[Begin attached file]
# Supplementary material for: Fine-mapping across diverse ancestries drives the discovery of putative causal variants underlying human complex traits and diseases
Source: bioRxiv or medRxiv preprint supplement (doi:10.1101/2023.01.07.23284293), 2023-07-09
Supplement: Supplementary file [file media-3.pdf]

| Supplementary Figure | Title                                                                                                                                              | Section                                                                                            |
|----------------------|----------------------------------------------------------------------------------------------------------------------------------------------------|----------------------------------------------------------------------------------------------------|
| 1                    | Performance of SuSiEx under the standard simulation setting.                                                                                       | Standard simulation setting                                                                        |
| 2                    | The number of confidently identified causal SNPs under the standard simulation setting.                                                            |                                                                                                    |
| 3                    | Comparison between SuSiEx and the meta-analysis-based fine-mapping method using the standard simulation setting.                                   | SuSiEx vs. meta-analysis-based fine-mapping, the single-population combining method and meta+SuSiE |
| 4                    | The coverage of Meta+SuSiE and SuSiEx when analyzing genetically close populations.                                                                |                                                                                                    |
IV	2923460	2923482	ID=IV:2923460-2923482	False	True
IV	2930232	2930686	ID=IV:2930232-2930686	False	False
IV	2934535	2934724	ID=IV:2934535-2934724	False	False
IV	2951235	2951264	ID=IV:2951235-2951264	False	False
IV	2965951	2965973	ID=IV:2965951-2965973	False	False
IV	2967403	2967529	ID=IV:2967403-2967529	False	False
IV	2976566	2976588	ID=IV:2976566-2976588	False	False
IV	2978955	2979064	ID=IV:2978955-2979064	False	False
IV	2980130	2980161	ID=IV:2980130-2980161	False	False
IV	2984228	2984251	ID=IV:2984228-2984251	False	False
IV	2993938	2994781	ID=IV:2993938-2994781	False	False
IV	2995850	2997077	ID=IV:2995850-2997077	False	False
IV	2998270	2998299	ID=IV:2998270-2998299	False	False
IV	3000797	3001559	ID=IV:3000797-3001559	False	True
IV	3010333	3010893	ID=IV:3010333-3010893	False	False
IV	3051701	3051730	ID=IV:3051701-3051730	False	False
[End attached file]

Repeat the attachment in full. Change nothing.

# Supplementary material for: Fine-mapping across diverse ancestries drives the discovery of putative causal variants underlying human complex traits and diseases
Source: bioRxiv or medRxiv preprint supplement (doi:10.1101/2023.01.07.23284293), 2023-07-09
Supplement: Supplementary file [file media-3.pdf]

| Supplementary Figure | Title                                                                                                                                              | Section                                                                                            |
|----------------------|----------------------------------------------------------------------------------------------------------------------------------------------------|----------------------------------------------------------------------------------------------------|
| 1                    | Performance of SuSiEx under the standard simulation setting.                                                                                       | Standard simulation setting                                                                        |
| 2                    | The number of confidently identified causal SNPs under the standard simulation setting.                                                            |                                                                                                    |
| 3                    | Comparison between SuSiEx and the meta-analysis-based fine-mapping method using the standard simulation setting.                                   | SuSiEx vs. meta-analysis-based fine-mapping, the single-population combining method and meta+SuSiE |
| 4                    | The coverage of Meta+SuSiE and SuSiEx when analyzing genetically close populations.                                                                |                                                                                                    |
IV	2923460	2923482	ID=IV:2923460-2923482	False	True
IV	2930232	2930686	ID=IV:2930232-2930686	False	False
IV	2934535	2934724	ID=IV:2934535-2934724	False	False
IV	2951235	2951264	ID=IV:2951235-2951264	False	False
IV	2965951	2965973	ID=IV:2965951-2965973	False	False
IV	2967403	2967529	ID=IV:2967403-2967529	False	False
IV	2976566	2976588	ID=IV:2976566-2976588	False	False
IV	2978955	2979064	ID=IV:2978955-2979064	False	False
IV	2980130	2980161	ID=IV:2980130-2980161	False	False
IV	2984228	2984251	ID=IV:2984228-2984251	False	False
IV	2993938	2994781	ID=IV:2993938-2994781	False	False
IV	2995850	2997077	ID=IV:2995850-2997077	False	False
IV	2998270	2998299	ID=IV:2998270-2998299	False	False
IV	3000797	3001559	ID=IV:3000797-3001559	False	True
IV	3010333	3010893	ID=IV:3010333-3010893	False	False
IV	3051701	3051730	ID=IV:3051701-3051730	False	False